Officials gathered Thursday morning to dedicate Lanier Technical College's new building in Dawson County.
Nearly a decade in the making, the close to 32,000-square-foot $5 million facility is off Hwy. 9 next to Dawson County Middle School and near downtown Dawsonville.
"We broke ground just over a year ago on this site. That was a great day because of the culmination of so many local people in Dawson County that wanted to make this happen," Lanier Tech President Russell Vandiver said during the ribbon-cutting ceremony.
"I feel like we have been extremely blessed with having great leadership to bring this building out of the ground."
Ron Jackson, commissioner of the Technical College System of Georgia, congratulated Lanier Tech on the facility and the community for its persistence to provide local technical education opportunities in preparation for tomorrow's work force.
"I am very proud of this community, of Dawson County for this beautiful building behind us," he said. "This is a true testament to community and state partnership to make a building happen. And for all of you, my congratulations.
"You've got one of the finest technical colleges in our state. The programs that will come to this building will be a testament, I think, to the great work Lanier Technical College does day in and day out."
Lanier Tech began offering classes in Dawsonville in October 2005 at a building owned by the Dawson Board of Education.
When it became apparent the site was too small to accommodate the growing need, the school board, Lanier Tech and the Dawson County commission each donated $100,000 toward the land for a permanent campus.
Roger Slaton, who sits on the local school board and chairs Lanier Tech's board of directors, was part of the initial steering committee to bring a campus to Dawson County.
"Nine years ago Mike Moye, the president of the college, came to me and asked me if I'd serve on the board," he said. "I told him then that I would be honored to serve, but my intentions and my hope was to have a campus and a presence in Dawson County.
"Getting the building with the help of our local elected officials and our legislators, and realizing this dream was going to come to be, this is just a heart-throb for me to see that happen.
"It's just overwhelming to me. I came one day last week and walked through and saw the students. The halls were full. The classrooms were full. It's just a joy, just a pleasure."
County Commission Chairman Mike Berg praised the efforts of all involved and called the campus not only an educational benefit but also an economic driver for the community.
"This has been a great cooperation," he said. "We sat down a lot of hours working on how to buy property, how to manage what was going to transpire and we had total community input.
"In this economy, there's not many of these going in, and for us to have an educational facility in our county that can train people for jobs in our county and other counties, it is just a plus for us."
Ben Lively, a student in the college's welding program, agrees.
About a year ago, Lively, who holds a bachelor's degree from Georgia Southern University, found himself without any prospects for work in his chosen profession.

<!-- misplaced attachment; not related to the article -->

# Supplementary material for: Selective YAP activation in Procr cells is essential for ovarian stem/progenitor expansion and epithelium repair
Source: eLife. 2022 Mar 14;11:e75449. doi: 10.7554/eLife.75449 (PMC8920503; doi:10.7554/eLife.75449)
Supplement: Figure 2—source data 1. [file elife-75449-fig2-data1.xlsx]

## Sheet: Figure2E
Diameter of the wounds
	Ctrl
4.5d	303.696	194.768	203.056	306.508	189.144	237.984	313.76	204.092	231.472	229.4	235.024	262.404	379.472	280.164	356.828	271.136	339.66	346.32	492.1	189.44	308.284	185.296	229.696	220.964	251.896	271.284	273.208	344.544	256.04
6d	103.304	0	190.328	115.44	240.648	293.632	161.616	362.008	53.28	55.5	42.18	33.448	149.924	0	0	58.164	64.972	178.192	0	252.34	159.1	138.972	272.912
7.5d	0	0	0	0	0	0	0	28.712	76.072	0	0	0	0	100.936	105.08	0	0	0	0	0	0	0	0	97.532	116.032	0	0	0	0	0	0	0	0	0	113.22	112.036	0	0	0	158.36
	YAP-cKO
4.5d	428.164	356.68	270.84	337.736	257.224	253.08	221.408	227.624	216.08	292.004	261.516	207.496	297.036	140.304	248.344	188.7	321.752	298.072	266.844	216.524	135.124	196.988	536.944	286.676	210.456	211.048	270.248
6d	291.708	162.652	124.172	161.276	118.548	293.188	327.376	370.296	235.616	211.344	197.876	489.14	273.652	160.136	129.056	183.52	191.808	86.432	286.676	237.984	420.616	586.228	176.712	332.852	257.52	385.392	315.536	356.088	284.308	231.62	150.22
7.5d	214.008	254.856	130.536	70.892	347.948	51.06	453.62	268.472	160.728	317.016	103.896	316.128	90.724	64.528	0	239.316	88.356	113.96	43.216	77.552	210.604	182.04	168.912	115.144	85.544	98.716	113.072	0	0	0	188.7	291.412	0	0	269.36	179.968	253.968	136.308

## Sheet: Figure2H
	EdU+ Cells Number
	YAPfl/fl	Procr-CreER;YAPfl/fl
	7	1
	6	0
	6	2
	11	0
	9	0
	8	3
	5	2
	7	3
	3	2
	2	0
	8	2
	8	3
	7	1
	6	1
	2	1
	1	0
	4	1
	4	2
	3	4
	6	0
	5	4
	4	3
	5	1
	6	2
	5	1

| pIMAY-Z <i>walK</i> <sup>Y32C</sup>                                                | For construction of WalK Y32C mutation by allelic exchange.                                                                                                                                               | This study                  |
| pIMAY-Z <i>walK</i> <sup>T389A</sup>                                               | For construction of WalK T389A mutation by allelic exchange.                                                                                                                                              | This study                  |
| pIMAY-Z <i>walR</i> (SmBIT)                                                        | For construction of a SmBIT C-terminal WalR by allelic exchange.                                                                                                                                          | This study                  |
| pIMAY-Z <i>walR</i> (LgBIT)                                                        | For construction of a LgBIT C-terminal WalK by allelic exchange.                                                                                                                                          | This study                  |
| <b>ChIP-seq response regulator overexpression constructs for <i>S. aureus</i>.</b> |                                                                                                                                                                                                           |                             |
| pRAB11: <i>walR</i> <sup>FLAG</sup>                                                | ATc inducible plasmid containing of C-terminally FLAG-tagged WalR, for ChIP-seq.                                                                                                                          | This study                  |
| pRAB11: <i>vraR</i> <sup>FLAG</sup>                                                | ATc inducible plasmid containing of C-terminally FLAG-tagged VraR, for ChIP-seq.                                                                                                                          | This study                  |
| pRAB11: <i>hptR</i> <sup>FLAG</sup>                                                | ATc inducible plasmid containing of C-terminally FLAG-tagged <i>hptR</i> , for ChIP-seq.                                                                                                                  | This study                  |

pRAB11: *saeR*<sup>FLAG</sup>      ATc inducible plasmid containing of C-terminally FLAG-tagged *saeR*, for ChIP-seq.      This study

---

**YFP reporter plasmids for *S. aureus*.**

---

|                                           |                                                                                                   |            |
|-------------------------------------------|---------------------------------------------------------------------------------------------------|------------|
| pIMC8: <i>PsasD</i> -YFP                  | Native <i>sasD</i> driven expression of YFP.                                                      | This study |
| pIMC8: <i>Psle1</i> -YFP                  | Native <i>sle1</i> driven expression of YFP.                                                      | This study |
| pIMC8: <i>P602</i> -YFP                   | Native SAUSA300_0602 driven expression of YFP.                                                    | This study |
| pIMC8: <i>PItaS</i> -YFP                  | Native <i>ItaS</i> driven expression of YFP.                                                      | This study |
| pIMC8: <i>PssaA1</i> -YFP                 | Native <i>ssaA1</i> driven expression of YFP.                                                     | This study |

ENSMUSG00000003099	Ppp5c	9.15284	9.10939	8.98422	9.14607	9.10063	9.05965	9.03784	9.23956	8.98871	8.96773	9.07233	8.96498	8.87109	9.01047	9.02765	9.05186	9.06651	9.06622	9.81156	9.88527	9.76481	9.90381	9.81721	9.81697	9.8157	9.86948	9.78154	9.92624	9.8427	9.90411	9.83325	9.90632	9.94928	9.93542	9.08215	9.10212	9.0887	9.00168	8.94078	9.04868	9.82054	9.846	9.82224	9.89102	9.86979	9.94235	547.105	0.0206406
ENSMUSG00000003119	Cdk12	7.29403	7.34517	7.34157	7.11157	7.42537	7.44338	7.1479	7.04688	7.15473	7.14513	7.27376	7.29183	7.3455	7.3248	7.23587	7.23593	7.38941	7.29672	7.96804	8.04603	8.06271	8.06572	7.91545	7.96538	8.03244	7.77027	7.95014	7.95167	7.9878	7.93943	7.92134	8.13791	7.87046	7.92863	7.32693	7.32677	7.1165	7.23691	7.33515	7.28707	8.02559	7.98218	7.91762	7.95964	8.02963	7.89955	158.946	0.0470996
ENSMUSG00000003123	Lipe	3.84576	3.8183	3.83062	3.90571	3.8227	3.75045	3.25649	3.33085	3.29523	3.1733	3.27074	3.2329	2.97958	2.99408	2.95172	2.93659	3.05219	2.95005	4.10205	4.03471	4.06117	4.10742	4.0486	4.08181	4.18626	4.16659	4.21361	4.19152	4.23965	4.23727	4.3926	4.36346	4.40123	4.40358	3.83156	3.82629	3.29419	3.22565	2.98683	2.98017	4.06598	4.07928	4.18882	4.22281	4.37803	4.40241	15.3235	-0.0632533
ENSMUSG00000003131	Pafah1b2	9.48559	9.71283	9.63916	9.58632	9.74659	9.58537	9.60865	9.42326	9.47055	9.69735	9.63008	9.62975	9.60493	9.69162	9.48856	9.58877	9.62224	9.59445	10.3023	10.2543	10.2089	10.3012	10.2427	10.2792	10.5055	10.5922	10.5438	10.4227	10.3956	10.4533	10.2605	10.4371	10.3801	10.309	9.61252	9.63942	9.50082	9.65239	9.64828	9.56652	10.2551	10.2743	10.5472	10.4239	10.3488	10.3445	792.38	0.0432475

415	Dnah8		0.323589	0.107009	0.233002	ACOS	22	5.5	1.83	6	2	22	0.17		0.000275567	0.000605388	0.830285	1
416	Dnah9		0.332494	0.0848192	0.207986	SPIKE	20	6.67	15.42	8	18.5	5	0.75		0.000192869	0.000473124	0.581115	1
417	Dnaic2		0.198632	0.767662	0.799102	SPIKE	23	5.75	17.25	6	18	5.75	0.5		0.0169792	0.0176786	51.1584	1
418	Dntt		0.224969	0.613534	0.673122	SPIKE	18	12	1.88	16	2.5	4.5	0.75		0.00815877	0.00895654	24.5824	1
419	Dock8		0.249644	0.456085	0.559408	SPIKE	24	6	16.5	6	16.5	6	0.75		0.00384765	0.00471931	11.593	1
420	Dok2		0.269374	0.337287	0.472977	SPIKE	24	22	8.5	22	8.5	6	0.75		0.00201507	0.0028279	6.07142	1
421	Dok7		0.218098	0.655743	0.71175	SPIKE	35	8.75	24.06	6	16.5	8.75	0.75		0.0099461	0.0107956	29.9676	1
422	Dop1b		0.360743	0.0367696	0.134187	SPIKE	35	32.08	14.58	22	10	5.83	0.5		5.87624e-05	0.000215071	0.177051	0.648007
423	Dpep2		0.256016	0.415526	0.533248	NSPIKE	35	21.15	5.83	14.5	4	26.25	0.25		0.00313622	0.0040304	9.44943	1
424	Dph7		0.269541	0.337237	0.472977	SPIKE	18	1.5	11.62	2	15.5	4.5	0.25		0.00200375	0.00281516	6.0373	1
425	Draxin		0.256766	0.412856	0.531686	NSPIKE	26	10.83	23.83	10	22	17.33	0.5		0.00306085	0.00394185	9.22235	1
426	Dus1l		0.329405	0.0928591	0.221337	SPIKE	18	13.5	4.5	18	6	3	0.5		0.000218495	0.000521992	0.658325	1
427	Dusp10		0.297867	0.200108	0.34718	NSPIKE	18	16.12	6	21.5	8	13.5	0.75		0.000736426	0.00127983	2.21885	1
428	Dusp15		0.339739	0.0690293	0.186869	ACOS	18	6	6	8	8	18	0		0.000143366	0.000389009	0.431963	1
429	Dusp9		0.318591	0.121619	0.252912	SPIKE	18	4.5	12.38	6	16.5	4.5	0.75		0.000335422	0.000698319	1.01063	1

Knowing he could make a career with a technical degree, he enrolled at Lanier Tech in January and could complete his welding requirements by spring.
"I'm a four-year bachelor's degree graduate that couldn't find a job and I've always been interested in welding," he said. "The money's good and I have a better chance of getting a job with an associate's degree than with my bachelor's degree."
Lively now has his eye on the new Caterpillar plant that's opening soon in the Athens area.
"But there's also a bunch of other jobs available for welders in the metro Atlanta area, as well as the surrounding areas that I've been looking into," he said.
In addition to welding, program offerings at the Dawson campus include medical assistant, certified nursing assistant, business administration and cosmetology.
Programs for automotive technology and electrical systems technology are taught exclusively at the Dawson campus.
Slaton said as the need and student enrollment grows, more programs of study will be added.
Officials anticipate the campus to be near capacity, or at about 300 students, within the next three years.
Slaton said support provided by the Lanier Tech Foundation, which ensures students with the desire to attend and improve their potential in the work force have that opportunity, will play a role in increasing enrollment at the campus.
"The foundation is responsible for thousands of students coming to college every year, and with the cuts from the state, the foundation's support is so important," Slaton said.
"We have students who say they can't buy gas if they have to pay their registration fee or they can't buy groceries for their kids. The foundation tries to find enough scholarship money to get that person into college so they can complete their studies and get out in the workforce."
Chairman Kevin Tanner said the foundation is a proud participant in making students' dreams come true.
"To me, by helping someone get their education, especially a technical education, you are giving them a hand up, because then they can stand on their own two feet and they can get their own job, making good salaries and getting paid well," Tanner said.
"On behalf of the foundation, we're going to continue to work hard and make sure these students have the financial resources they need to be able to come to school and that finances will not be a roadblock in the way of the students' good educations."